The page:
Updated: Oct 30, 2020
first published in Forbes
eHarmony, Match and Tinder have all created business models around a critical matching problem: Find your soulmate—or maybe in the case of Tinder, your mate for a few hours. It’s a model familiar to investors and consumers alike. Matchmakers are both solving for a complex, human problem and generating billions in revenue.
Similar technologies have been applied to the labor market by firms like LinkedIn to transform the way employers find talent and to match individuals with jobs. And in the last three years alone, more than 250 venture-backed firms have emerged to connect talent more directly to opportunities in the workforce. These new companies are addressing the supply-demand mismatch that has employers scrambling to better identify talent, as well as the development of workplace competencies, tech skills, or informal and formal training. By some estimates, there is now a $2.9 billion-plus marketplace of funding for workforce technology in the U.S.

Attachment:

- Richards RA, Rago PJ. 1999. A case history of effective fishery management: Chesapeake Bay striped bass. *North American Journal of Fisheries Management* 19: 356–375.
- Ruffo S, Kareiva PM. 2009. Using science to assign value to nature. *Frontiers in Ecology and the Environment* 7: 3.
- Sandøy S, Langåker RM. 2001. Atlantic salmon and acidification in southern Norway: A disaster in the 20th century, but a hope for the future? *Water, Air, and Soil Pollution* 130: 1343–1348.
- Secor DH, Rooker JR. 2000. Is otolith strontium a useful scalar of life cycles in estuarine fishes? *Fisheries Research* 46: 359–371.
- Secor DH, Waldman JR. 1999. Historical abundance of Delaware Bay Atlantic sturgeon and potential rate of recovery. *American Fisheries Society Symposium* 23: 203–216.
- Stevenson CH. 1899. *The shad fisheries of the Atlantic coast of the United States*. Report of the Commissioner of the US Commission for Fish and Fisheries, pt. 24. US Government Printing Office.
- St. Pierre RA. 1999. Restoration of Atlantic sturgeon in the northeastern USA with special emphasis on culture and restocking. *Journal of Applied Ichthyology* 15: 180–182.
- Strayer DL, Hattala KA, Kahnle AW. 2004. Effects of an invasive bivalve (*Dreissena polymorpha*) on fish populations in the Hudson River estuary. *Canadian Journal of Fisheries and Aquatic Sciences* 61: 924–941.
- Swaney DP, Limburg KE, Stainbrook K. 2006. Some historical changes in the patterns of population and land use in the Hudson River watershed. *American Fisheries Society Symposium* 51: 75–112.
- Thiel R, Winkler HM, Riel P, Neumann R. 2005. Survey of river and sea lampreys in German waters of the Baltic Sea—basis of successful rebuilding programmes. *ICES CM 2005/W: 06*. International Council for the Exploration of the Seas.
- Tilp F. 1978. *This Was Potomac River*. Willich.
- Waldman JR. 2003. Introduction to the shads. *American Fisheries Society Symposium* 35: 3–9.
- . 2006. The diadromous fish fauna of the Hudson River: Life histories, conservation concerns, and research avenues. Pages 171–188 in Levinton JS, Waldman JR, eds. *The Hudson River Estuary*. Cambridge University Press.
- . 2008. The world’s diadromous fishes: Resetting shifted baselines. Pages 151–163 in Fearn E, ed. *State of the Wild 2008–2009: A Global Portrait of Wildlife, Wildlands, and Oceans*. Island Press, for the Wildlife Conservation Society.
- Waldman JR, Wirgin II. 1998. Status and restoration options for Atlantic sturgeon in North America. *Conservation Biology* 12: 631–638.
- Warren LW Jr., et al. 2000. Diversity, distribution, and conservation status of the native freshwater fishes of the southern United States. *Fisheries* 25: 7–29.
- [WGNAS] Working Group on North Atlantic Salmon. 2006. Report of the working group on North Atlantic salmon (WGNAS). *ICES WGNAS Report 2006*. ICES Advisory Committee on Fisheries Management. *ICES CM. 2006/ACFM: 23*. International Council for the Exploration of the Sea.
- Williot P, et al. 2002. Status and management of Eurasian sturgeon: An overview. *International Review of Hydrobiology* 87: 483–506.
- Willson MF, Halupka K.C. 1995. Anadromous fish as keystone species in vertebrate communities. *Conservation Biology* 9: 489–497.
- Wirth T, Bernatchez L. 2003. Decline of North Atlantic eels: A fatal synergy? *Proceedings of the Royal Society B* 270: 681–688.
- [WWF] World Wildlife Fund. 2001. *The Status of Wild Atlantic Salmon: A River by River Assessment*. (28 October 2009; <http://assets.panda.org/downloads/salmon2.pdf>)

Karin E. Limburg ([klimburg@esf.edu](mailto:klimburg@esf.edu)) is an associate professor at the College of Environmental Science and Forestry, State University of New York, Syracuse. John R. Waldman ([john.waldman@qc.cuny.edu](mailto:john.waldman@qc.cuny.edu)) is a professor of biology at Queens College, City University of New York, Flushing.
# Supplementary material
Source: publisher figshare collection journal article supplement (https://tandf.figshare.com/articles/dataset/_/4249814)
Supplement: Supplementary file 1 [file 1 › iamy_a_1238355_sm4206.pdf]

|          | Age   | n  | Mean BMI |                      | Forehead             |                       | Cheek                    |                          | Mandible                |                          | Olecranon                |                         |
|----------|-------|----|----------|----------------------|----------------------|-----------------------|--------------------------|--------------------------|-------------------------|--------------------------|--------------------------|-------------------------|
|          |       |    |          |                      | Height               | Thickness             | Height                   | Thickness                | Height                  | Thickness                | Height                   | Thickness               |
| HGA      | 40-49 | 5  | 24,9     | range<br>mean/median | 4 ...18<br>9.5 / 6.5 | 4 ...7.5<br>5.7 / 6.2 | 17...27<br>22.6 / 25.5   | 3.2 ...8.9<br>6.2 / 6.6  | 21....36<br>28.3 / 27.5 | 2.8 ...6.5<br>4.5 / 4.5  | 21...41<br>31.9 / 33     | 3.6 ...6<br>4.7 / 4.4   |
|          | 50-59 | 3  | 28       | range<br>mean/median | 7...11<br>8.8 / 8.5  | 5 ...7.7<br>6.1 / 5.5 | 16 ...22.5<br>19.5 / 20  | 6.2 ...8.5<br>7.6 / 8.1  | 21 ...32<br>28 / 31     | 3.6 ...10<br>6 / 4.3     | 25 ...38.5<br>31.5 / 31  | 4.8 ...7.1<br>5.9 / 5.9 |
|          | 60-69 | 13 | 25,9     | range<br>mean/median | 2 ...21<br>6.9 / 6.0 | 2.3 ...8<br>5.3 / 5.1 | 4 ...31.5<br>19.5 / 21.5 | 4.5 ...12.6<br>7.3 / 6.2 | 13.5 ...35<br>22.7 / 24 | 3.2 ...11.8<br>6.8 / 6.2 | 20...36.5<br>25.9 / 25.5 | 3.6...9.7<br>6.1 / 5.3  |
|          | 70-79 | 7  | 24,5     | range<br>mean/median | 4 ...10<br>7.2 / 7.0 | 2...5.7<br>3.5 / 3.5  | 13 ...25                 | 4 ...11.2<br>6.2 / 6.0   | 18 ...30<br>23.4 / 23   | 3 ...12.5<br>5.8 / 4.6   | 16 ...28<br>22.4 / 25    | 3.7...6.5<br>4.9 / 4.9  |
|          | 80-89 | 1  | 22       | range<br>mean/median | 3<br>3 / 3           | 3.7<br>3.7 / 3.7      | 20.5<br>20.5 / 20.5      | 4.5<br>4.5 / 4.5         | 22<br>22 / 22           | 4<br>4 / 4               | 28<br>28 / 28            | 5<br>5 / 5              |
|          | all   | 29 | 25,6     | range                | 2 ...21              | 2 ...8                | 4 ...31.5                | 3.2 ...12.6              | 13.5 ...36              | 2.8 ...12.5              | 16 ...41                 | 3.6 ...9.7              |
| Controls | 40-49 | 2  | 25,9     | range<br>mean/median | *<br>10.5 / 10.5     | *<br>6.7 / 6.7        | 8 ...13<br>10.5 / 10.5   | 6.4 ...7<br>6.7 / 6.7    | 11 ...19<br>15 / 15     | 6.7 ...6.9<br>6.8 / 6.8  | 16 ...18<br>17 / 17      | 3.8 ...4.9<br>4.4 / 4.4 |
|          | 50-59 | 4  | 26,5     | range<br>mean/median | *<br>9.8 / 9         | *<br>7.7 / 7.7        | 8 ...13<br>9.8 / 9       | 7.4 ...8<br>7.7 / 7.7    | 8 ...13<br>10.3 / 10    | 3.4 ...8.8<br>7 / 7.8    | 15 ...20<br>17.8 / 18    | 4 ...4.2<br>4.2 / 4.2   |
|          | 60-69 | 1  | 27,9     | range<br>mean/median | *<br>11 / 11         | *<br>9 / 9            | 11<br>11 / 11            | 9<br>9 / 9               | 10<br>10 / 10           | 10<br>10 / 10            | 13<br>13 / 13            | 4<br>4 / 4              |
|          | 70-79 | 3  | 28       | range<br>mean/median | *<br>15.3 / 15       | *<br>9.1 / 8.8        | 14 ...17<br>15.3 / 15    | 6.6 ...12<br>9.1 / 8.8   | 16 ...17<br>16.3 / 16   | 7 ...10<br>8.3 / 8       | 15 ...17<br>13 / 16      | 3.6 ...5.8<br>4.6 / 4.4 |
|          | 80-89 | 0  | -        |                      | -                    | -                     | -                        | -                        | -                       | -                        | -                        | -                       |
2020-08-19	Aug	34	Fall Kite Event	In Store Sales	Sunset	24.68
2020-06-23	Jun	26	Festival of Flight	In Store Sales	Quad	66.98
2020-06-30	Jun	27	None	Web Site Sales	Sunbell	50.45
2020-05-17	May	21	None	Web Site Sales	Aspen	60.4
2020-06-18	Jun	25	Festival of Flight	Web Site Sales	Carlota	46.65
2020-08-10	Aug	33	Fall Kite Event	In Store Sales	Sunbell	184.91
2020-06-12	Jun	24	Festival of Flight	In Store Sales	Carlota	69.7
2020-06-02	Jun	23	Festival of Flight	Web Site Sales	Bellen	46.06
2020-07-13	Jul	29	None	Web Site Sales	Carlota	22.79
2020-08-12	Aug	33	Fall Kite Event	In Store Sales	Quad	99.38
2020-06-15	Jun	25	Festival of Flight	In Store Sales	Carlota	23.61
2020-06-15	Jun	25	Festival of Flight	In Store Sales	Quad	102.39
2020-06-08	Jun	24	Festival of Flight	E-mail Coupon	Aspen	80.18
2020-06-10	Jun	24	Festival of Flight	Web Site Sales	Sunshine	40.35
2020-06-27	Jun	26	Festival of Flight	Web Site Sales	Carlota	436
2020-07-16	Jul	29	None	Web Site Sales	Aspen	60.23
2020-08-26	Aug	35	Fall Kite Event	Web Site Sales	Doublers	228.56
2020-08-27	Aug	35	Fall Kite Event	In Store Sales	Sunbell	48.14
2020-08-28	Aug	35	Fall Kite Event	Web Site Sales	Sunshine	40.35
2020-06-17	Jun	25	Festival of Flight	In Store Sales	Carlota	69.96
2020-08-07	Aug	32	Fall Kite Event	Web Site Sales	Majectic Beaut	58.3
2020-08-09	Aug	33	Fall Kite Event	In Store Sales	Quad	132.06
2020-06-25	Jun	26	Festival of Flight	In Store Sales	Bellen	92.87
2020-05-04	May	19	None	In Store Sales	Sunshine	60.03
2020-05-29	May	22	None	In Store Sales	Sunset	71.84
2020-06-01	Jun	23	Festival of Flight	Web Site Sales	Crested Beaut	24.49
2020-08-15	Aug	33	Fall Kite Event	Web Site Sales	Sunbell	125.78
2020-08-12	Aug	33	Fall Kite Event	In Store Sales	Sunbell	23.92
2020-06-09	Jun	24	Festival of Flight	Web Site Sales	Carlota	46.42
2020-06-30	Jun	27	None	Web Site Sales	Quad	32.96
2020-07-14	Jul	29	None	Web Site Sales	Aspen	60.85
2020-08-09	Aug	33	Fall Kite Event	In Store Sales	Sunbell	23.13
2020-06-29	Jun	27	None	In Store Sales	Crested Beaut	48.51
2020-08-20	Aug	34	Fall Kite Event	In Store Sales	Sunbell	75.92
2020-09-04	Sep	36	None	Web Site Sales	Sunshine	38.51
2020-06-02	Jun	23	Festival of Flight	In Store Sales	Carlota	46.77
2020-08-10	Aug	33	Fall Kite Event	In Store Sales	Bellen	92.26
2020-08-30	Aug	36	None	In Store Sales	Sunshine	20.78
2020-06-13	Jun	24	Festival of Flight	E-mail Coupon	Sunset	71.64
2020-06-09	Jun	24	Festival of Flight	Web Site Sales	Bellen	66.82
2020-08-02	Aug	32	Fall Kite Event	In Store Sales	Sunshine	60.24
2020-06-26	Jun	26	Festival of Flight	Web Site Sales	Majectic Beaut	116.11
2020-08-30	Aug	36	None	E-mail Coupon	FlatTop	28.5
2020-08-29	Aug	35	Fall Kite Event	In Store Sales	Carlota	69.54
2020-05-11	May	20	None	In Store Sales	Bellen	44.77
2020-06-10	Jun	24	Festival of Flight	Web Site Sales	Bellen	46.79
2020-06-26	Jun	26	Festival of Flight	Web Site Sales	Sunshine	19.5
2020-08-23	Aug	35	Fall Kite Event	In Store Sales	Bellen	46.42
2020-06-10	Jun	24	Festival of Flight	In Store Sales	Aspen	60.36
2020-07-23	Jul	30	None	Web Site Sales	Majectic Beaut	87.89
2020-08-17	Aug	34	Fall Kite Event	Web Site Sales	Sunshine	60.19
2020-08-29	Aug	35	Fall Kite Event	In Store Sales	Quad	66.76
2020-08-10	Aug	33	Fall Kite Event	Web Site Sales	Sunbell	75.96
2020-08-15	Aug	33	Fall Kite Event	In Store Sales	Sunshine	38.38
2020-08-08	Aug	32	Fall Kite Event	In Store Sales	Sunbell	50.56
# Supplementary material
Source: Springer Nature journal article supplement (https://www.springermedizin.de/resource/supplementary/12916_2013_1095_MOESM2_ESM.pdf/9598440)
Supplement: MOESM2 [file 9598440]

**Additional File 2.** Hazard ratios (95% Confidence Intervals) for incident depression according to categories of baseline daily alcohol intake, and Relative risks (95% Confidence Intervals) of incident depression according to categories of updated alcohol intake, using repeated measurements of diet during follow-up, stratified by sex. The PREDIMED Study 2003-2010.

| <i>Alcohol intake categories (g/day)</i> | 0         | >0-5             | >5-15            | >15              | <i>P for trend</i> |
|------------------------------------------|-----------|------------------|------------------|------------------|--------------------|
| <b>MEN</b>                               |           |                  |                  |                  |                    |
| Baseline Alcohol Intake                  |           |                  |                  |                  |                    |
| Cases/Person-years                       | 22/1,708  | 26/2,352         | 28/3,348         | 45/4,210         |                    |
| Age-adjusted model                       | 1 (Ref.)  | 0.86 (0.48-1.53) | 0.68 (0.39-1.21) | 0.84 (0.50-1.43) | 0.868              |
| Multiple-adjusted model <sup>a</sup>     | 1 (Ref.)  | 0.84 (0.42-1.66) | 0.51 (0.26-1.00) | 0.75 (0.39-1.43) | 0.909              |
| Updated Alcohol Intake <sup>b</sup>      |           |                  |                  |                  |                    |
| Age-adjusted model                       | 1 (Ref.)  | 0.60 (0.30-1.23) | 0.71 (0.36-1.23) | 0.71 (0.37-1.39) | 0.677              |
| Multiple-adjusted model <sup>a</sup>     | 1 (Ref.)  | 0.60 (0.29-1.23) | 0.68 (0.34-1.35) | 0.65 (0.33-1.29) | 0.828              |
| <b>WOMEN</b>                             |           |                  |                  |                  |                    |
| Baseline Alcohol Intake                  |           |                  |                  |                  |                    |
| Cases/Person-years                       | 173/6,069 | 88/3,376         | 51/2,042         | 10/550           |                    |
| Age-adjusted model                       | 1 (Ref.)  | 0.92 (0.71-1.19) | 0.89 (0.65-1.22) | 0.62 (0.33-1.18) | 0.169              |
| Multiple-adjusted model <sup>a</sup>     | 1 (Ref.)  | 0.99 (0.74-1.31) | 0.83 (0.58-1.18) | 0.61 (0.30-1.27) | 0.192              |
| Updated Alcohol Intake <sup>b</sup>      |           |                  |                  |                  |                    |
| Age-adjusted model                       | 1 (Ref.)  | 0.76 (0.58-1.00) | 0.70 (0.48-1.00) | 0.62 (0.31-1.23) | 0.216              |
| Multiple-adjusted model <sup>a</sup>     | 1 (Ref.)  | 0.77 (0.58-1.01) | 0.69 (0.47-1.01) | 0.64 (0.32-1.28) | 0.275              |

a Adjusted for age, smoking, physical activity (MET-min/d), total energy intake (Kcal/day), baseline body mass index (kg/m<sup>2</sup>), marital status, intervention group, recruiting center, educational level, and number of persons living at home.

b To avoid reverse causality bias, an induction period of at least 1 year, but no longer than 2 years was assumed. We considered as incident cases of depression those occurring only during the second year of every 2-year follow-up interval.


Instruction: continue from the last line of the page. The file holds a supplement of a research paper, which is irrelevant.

At the heart of this rapid innovation is a translation problem between jobseekers and would-be employers that, according to our recent analysis of more than 100 million job postings, resumes and social profiles, appears to be accelerating. Here’s why: